Wi-Fi wants to be free

Wi-Fi used to be a resource for rent, now it's the new toaster.

Public Wi-Fi hot spots have been popular for about eight years. During that time, companies providing the service have been groping about, trying to figure out how to monetize it. The dominant model to date has been to simply charge for it. Pay us US$20 a month, and you can log in at any of our many locations.

But this week, a kind of "tipping point" has been reached, and now -- instead of being rented for a fee -- Wi-Fi will increasingly be given away to motivate customers to buy other goods and services.

Wi-Fi is now just like the free toaster that banks used to hand out for opening a new account.

The toaster model

In October, I predicted that Starbucks would start rolling out free Wi-Fi access within one year. I didn't know how it'd do it, but reasoned that it would have to because Starbucks is in a desperate competition for the morning breakfast crowd against the likes of McDonald's, which is also being more aggressive with Wi-Fi access.

Starbucks is leading a transition from Wi-Fi-for-money to Wi-Fi as a lure to get people to spend money on other things.

The Starbucks offer is a stroke of genius. In the US Starbucks and AT&T will give you two hours of free Wi-Fi per day, but only if you use a Starbucks card. If you want more than two hours, you can pay US$19.99 per month, which also entitles you to unlimited Wi-Fi offered by AT&T at some 70,000 hot spots in 89 countries. It not only trumps other sellers of sugar and caffeine by offering free Wi-Fi, but it also pushes its lucrative Starbucks card and provides an upgrade path for people eager to hand over money in exchange for unlimited access.

Starbucks cards benefit Starbucks in three ways. First, people with Starbucks cards in their pockets are probably more likely to choose Starbucks when there are other nearby alternatives. Second, by getting millions of customers to pay in advance, Starbucks gets more cash upfront (rather than waiting until people actually get their coffee). Last and best is that cards get lost, stolen or forgotten. When that happens, Starbucks gets to keep the money without supplying anything.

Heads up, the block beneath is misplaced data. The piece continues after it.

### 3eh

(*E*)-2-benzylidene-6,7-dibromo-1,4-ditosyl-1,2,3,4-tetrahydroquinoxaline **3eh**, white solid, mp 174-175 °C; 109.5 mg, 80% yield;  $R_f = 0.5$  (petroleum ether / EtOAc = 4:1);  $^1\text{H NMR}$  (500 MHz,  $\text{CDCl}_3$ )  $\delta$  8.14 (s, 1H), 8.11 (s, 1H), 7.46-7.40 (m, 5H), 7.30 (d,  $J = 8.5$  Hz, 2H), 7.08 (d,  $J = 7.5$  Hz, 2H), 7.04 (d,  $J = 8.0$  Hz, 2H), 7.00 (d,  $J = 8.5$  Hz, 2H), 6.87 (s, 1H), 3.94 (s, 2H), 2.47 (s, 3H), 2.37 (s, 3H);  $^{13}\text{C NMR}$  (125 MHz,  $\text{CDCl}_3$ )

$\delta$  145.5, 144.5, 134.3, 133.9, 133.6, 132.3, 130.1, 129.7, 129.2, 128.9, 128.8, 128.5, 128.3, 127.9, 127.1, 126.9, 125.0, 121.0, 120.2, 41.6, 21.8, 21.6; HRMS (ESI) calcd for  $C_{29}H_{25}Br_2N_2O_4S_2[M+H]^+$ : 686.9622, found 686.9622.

The TV model

Like television, Wi-Fi is increasingly given away in exchange for ads. It's an unproven model -- to the best of my knowledge nobody is making huge profits on this approach yet.

JiWire's "Ads for Access" program gives some users free Wi-Fi access at hot spots normally paid for by others, but in exchange for viewing ads over those connections. The company has recently (and wisely) started targeting iPhone users.

Wi-Fi is free at some airports. One of the largest is Denver International. In addition to advertising, the FreeFi Networks Wi-Fi access is subsidized by Disney-ABC television show rentals, which users can download over the connection.

A company called HypeWifi funds its free Wi-Fi access through advertising, but also by doing "market research" for advertisers for a fee. Users logging onto a HypeWifi access point may earn their access by answering a question or two, which is aggregated and presented to the sponsor, along with demographic information about the users.

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Mike Elgan

Computerworld
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